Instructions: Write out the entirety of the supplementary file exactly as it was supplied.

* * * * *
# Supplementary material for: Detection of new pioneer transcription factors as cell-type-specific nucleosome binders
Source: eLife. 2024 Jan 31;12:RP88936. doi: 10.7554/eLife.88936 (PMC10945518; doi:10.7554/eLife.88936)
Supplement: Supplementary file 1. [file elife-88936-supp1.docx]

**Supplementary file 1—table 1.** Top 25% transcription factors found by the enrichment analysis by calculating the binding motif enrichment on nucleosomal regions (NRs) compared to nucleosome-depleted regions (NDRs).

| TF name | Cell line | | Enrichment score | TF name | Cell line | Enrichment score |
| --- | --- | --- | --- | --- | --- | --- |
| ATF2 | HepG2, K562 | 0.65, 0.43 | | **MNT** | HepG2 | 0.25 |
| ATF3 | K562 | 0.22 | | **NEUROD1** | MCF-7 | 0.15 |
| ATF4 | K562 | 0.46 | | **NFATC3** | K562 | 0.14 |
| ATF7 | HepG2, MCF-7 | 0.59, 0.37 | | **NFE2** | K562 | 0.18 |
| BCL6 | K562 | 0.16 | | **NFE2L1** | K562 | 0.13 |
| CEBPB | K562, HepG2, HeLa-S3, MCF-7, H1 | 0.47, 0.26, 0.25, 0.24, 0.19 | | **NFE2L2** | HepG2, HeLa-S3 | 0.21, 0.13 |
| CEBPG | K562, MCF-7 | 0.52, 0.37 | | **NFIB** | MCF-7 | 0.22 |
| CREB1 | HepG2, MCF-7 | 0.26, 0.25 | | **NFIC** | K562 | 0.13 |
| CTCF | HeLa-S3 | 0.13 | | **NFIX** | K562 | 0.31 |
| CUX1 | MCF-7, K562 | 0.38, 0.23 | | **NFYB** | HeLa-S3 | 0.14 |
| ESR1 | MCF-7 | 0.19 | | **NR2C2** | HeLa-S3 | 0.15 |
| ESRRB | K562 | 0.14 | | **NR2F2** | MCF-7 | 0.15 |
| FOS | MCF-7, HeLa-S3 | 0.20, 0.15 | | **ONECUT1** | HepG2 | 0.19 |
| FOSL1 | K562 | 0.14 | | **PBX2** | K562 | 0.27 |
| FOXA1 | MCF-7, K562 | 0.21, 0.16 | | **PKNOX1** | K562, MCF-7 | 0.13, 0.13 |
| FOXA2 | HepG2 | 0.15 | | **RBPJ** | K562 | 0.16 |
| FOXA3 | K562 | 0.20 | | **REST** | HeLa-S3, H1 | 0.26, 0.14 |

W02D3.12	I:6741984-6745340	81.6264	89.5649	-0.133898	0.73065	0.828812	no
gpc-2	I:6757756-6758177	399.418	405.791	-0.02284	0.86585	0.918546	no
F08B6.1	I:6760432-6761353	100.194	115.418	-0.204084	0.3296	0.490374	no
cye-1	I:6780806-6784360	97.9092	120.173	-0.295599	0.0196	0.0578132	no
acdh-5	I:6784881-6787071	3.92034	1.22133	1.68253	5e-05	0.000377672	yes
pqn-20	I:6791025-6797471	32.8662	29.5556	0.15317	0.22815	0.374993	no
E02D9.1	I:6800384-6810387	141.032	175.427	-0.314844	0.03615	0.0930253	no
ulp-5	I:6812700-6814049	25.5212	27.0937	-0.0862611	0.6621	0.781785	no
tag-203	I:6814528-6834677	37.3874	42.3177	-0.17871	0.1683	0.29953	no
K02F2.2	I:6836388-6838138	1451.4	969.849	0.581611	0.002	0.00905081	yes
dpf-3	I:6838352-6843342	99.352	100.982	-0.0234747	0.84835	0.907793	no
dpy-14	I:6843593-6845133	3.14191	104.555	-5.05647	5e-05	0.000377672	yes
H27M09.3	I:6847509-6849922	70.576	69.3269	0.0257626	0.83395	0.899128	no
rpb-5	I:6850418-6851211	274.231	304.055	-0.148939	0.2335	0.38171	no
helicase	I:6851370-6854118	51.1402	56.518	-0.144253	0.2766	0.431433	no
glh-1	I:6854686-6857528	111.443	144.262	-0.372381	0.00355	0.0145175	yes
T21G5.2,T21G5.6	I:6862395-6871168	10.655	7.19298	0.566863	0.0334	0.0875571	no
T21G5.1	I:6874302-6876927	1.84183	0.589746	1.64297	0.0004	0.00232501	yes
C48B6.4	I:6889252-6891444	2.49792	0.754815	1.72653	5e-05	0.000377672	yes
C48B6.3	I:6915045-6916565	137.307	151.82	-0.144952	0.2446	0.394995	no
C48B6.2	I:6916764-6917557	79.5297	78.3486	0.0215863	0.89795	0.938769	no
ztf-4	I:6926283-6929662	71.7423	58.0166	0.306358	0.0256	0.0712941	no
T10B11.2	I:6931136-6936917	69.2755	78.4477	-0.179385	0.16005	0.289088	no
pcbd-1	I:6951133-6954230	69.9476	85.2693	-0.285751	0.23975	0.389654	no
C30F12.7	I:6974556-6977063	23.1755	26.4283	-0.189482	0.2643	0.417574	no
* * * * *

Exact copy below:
# Supplementary material for: Detection of new pioneer transcription factors as cell-type-specific nucleosome binders
Source: eLife. 2024 Jan 31;12:RP88936. doi: 10.7554/eLife.88936 (PMC10945518; doi:10.7554/eLife.88936)
Supplement: Supplementary file 1. [file elife-88936-supp1.docx]

**Supplementary file 1—table 1.** Top 25% transcription factors found by the enrichment analysis by calculating the binding motif enrichment on nucleosomal regions (NRs) compared to nucleosome-depleted regions (NDRs).

| TF name | Cell line | | Enrichment score | TF name | Cell line | Enrichment score |
| --- | --- | --- | --- | --- | --- | --- |
| ATF2 | HepG2, K562 | 0.65, 0.43 | | **MNT** | HepG2 | 0.25 |
| ATF3 | K562 | 0.22 | | **NEUROD1** | MCF-7 | 0.15 |
| ATF4 | K562 | 0.46 | | **NFATC3** | K562 | 0.14 |
| ATF7 | HepG2, MCF-7 | 0.59, 0.37 | | **NFE2** | K562 | 0.18 |
| BCL6 | K562 | 0.16 | | **NFE2L1** | K562 | 0.13 |
| CEBPB | K562, HepG2, HeLa-S3, MCF-7, H1 | 0.47, 0.26, 0.25, 0.24, 0.19 | | **NFE2L2** | HepG2, HeLa-S3 | 0.21, 0.13 |
| CEBPG | K562, MCF-7 | 0.52, 0.37 | | **NFIB** | MCF-7 | 0.22 |
| CREB1 | HepG2, MCF-7 | 0.26, 0.25 | | **NFIC** | K562 | 0.13 |
| CTCF | HeLa-S3 | 0.13 | | **NFIX** | K562 | 0.31 |
| CUX1 | MCF-7, K562 | 0.38, 0.23 | | **NFYB** | HeLa-S3 | 0.14 |
| ESR1 | MCF-7 | 0.19 | | **NR2C2** | HeLa-S3 | 0.15 |
| ESRRB | K562 | 0.14 | | **NR2F2** | MCF-7 | 0.15 |
| FOS | MCF-7, HeLa-S3 | 0.20, 0.15 | | **ONECUT1** | HepG2 | 0.19 |
| FOSL1 | K562 | 0.14 | | **PBX2** | K562 | 0.27 |
| FOXA1 | MCF-7, K562 | 0.21, 0.16 | | **PKNOX1** | K562, MCF-7 | 0.13, 0.13 |
| FOXA2 | HepG2 | 0.15 | | **RBPJ** | K562 | 0.16 |
| FOXA3 | K562 | 0.20 | | **REST** | HeLa-S3, H1 | 0.26, 0.14 |

W02D3.12	I:6741984-6745340	81.6264	89.5649	-0.133898	0.73065	0.828812	no
gpc-2	I:6757756-6758177	399.418	405.791	-0.02284	0.86585	0.918546	no
F08B6.1	I:6760432-6761353	100.194	115.418	-0.204084	0.3296	0.490374	no
cye-1	I:6780806-6784360	97.9092	120.173	-0.295599	0.0196	0.0578132	no
acdh-5	I:6784881-6787071	3.92034	1.22133	1.68253	5e-05	0.000377672	yes
pqn-20	I:6791025-6797471	32.8662	29.5556	0.15317	0.22815	0.374993	no
E02D9.1	I:6800384-6810387	141.032	175.427	-0.314844	0.03615	0.0930253	no
ulp-5	I:6812700-6814049	25.5212	27.0937	-0.0862611	0.6621	0.781785	no
tag-203	I:6814528-6834677	37.3874	42.3177	-0.17871	0.1683	0.29953	no
K02F2.2	I:6836388-6838138	1451.4	969.849	0.581611	0.002	0.00905081	yes
dpf-3	I:6838352-6843342	99.352	100.982	-0.0234747	0.84835	0.907793	no
dpy-14	I:6843593-6845133	3.14191	104.555	-5.05647	5e-05	0.000377672	yes
H27M09.3	I:6847509-6849922	70.576	69.3269	0.0257626	0.83395	0.899128	no
rpb-5	I:6850418-6851211	274.231	304.055	-0.148939	0.2335	0.38171	no
helicase	I:6851370-6854118	51.1402	56.518	-0.144253	0.2766	0.431433	no
glh-1	I:6854686-6857528	111.443	144.262	-0.372381	0.00355	0.0145175	yes
T21G5.2,T21G5.6	I:6862395-6871168	10.655	7.19298	0.566863	0.0334	0.0875571	no
T21G5.1	I:6874302-6876927	1.84183	0.589746	1.64297	0.0004	0.00232501	yes
C48B6.4	I:6889252-6891444	2.49792	0.754815	1.72653	5e-05	0.000377672	yes
C48B6.3	I:6915045-6916565	137.307	151.82	-0.144952	0.2446	0.394995	no
C48B6.2	I:6916764-6917557	79.5297	78.3486	0.0215863	0.89795	0.938769	no
ztf-4	I:6926283-6929662	71.7423	58.0166	0.306358	0.0256	0.0712941	no
T10B11.2	I:6931136-6936917	69.2755	78.4477	-0.179385	0.16005	0.289088	no
pcbd-1	I:6951133-6954230	69.9476	85.2693	-0.285751	0.23975	0.389654	no
C30F12.7	I:6974556-6977063	23.1755	26.4283	-0.189482	0.2643	0.417574	no